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Why do we have to have ICV’s?

Independent custody visitors maintain independence and impartiality by actively looking, listening and reporting on what they find in the custody unit. Section 51 of the Police Reform Act 2002 (as amended) requires Police and Crime Commissioners in England and Wales to make arrangements for detainees to be visited by ICVs. Such arrangements may make provision for access to detainees by ICVs, examination of records, inspection of detention facilities and provision of a Code of Practice. 

What processes are involved?
  1. Complete and send an application form. 
  2. Shortlisting by OPCC
  3. Asked to attend an interview: successful applicants must attend a one day information / training day.

Newly appointed independent custody visitors complete a probationary period, and then appointments are usually made for a set period, which may be renewable.

When are ICVs allowed to visit?

ICV’s must attend at least as a pair and they must be admitted to the custody area immediately. Delay is only permitted when immediate access may place the visitors in danger and if authorised by an officer of Inspector rank or above. A full explanation must be given to the visitors as to why access is being delayed and that explanation must be recorded by the visitors in their report.

The actual timing of visits is entirely a matter for independent custody visitors, but should be random and unannounced.  Independent custody visitors will normally only visit those police stations within their local area. The custody officer or a member of custody staff must accompany ICVs during visits (TACT prisoners have a different procedure).

What are ICVs allowed to visit?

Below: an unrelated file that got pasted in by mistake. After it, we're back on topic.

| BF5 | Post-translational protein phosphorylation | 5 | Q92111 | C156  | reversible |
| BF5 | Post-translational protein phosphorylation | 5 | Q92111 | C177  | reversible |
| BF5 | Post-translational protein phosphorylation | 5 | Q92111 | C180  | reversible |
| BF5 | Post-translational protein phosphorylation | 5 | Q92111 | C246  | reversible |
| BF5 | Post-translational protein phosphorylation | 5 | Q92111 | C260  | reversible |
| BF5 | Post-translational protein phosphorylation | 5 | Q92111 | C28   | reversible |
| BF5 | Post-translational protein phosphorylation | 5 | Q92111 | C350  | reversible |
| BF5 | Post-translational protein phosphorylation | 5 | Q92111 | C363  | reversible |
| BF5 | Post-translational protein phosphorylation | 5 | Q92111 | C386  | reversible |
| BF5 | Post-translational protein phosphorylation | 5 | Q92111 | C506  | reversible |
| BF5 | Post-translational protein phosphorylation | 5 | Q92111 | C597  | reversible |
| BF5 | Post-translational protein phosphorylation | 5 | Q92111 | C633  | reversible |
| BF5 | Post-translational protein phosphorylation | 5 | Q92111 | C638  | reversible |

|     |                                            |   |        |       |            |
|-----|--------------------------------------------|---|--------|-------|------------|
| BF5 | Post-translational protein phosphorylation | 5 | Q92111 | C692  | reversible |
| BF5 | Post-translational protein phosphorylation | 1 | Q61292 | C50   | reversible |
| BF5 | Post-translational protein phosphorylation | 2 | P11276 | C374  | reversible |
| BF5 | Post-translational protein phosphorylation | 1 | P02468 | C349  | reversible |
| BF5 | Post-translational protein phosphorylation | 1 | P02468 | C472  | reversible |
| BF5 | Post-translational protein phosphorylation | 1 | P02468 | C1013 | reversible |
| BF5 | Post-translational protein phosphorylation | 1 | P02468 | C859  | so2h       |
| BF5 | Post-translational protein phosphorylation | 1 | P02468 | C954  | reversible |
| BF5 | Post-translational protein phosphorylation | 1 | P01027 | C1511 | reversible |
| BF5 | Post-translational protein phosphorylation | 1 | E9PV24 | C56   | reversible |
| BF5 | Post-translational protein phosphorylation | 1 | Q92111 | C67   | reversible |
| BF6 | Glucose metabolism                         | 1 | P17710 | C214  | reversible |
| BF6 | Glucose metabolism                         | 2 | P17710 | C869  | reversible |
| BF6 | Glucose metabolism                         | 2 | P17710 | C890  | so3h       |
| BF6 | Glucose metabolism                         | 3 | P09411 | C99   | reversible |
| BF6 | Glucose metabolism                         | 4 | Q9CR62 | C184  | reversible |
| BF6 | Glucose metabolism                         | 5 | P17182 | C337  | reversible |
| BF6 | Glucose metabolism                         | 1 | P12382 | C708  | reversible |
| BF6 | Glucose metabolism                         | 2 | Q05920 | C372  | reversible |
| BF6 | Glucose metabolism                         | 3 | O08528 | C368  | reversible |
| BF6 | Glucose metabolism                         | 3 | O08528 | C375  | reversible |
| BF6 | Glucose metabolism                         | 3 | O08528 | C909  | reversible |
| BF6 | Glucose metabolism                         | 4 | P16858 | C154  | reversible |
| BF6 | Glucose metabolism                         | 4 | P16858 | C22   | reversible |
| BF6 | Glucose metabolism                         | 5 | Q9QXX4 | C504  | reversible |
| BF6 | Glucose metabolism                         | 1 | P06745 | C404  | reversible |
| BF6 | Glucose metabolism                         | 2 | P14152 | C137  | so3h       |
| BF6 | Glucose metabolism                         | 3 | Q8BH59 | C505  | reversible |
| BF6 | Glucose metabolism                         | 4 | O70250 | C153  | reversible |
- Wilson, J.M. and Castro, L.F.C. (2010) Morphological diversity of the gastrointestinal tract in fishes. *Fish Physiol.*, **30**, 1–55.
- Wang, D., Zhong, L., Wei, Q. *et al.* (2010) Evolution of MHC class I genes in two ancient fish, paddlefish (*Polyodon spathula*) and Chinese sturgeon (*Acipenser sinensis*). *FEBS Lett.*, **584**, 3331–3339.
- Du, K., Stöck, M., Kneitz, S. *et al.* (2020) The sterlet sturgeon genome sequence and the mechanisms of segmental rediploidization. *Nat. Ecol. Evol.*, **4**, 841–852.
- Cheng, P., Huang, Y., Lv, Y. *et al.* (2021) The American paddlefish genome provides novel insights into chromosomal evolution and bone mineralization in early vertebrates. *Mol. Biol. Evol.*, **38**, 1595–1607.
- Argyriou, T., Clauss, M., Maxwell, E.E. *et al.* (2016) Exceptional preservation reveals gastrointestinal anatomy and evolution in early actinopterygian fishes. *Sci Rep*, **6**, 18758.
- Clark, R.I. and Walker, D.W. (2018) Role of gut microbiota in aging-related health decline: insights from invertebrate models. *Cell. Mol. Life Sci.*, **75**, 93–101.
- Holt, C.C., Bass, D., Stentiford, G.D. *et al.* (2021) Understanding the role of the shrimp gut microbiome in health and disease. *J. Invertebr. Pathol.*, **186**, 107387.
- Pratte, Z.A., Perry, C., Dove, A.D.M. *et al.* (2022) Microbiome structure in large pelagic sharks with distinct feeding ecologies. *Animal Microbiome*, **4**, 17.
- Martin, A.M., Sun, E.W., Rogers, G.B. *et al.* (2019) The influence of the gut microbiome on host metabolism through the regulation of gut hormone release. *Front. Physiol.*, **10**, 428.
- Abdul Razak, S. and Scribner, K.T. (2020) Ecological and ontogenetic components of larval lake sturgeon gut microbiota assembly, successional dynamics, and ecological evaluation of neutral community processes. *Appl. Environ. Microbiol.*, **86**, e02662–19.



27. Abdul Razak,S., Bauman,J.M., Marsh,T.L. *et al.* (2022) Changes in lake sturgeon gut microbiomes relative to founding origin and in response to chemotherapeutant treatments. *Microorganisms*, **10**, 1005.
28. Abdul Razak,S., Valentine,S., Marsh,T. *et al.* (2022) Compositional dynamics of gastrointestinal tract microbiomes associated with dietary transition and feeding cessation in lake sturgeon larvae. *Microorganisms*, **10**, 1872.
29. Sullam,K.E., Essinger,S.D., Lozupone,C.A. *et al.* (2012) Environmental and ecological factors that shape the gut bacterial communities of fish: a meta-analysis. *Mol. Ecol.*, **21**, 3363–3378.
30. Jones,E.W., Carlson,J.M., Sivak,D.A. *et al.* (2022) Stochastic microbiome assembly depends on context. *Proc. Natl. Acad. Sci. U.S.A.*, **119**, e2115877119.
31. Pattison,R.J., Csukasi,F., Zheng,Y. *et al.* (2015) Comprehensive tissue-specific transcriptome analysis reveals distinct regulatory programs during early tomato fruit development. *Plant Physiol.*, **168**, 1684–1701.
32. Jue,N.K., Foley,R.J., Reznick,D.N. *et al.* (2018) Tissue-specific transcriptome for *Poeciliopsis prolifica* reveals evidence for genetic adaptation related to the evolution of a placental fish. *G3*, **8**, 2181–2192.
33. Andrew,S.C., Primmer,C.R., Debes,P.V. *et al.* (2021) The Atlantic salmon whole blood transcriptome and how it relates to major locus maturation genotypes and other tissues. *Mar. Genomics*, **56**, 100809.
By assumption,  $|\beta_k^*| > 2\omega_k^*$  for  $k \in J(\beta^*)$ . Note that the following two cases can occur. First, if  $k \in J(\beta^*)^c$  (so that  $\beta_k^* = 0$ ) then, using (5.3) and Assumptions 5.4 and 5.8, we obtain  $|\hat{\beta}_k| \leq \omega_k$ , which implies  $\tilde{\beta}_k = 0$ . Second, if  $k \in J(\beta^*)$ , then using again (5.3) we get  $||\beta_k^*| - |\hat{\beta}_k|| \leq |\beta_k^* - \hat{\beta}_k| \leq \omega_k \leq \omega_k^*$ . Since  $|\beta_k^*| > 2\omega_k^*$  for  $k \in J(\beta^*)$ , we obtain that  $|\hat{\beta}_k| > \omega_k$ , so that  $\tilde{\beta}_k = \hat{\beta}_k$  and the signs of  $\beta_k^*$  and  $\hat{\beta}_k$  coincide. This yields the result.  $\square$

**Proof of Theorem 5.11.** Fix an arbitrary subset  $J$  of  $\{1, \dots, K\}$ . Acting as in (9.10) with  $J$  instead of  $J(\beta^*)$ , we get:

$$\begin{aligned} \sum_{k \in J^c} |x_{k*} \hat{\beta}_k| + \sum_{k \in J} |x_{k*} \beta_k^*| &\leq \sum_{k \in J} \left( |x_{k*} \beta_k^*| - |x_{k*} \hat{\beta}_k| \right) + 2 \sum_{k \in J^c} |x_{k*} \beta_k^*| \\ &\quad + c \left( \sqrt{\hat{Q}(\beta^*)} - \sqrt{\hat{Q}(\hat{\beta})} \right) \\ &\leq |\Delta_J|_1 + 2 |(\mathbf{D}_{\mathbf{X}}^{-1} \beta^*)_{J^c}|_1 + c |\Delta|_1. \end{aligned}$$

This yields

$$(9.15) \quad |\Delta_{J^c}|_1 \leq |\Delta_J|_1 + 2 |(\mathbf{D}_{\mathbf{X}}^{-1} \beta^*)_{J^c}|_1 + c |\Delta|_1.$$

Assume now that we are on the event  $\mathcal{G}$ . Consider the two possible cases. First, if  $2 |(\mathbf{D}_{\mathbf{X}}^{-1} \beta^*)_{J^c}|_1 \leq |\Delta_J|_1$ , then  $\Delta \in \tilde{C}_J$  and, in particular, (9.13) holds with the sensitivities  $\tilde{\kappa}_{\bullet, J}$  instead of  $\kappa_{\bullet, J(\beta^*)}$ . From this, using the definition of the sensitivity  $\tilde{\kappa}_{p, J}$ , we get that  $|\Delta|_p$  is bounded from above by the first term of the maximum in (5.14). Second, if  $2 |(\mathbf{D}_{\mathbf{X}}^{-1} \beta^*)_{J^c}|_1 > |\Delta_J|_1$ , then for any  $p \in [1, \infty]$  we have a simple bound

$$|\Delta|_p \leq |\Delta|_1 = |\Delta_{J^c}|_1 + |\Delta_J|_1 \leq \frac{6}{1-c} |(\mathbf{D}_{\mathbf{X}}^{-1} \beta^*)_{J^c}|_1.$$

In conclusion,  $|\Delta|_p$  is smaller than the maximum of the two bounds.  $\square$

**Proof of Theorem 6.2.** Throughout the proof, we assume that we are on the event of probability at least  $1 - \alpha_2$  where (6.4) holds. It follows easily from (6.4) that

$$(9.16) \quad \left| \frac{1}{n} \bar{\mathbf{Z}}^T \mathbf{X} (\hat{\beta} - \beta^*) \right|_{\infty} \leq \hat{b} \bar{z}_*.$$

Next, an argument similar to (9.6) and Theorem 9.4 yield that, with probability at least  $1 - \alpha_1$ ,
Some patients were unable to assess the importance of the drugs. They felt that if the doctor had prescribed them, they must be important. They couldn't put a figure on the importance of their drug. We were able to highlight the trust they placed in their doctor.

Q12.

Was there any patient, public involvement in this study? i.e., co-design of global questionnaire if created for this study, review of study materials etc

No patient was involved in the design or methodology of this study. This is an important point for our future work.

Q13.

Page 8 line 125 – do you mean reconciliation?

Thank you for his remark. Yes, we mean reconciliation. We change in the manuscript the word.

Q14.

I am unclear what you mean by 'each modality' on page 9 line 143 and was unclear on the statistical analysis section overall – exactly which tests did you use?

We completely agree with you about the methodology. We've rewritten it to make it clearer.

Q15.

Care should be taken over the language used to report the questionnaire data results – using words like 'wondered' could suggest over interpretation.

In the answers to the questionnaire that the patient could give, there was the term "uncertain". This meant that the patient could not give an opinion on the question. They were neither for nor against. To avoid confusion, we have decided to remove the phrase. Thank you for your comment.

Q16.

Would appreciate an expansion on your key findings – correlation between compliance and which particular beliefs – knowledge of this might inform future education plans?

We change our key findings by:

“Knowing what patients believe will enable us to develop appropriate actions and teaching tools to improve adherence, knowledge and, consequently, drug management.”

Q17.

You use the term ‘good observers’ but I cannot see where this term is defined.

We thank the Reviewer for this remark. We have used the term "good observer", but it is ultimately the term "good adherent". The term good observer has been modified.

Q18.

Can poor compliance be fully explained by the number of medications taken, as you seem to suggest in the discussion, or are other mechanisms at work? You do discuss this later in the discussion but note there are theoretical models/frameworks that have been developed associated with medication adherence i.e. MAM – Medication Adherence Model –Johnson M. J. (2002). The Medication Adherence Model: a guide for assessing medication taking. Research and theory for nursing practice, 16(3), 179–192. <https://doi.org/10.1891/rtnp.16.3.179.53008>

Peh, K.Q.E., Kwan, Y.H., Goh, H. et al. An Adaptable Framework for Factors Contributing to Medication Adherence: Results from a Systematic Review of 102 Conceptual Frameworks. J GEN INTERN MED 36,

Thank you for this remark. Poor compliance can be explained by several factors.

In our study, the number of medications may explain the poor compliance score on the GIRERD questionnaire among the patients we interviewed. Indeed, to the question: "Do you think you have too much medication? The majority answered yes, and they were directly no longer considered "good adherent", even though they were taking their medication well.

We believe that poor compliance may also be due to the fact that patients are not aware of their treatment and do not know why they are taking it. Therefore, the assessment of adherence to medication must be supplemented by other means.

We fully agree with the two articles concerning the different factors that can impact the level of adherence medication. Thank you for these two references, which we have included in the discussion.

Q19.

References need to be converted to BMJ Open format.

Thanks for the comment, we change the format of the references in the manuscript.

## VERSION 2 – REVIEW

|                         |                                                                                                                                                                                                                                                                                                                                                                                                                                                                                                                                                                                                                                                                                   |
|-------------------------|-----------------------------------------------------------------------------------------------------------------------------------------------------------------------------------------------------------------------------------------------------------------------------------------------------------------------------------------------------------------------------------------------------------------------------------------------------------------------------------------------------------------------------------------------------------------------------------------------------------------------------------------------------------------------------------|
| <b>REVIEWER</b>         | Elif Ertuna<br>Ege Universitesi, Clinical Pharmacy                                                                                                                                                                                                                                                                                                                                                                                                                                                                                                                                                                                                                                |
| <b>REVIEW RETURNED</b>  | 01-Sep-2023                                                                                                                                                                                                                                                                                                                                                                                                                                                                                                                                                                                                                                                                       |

ICVs must have access to all parts of the custody area and to associated facilities, such as food preparation areas and medical rooms. It is not part of their role to attend police interviews with detainees. Custody visitors will be allowed access to CCTV cameras and systems (in PACE detention facilities) to ensure that they are operational.

Do we need to do a risk assessment?

Police staff must be alert to any specific health or safety risks ICVs might face and must advise them appropriately.

Which detainees can they access?

Subject to the exceptions referred to in paragraph 55, ICVs must be allowed access to any person detained at the police station. Only ICVs who have undergone the appropriate security vetting and training will be permitted access to TACT detainees. Detainees may only be spoken to with their consent, and the escorting officer is responsible for establishing whether they wish to speak to the ICVs, which may be established by self-introduction by the ICVs themselves (in the presence of the escorting officer) or by the escorting officer.

What about detainees aged 17 and/or younger?

Children and/or young persons may be spoken to with their own consent. If, for whatever reason, a detainee is not in a position to give consent, the escorting officer must allow the visit unless any of the circumstances are present, as stated below.

Who is not eligible to apply?

It is important to avoid any potential conflict of interest. Those exempt are serving police officers/members of police/OPCC staff/special constables or justices of the peace. Others may be excluded if they have direct involvement in the criminal justice system, such as probation officers or prison officers. 

All other applications must be considered on merit.

An individual's involvement with the ICV scheme may be revised or discontinued if there are any changes to that person's circumstances that could cause a conflict of interest or compromise the independence and integrity of the scheme.

How much time does the OPCC want from volunteers?

After the probationary period which is approximately 6 months (and includes appropriate training), ICVs can volunteer to do as many visits as they would like to offer. This is coordinated between the volunteers without OPCC involvement, but there has to be the minimum of one custody visit a month.

Page last updated: 26 March 2018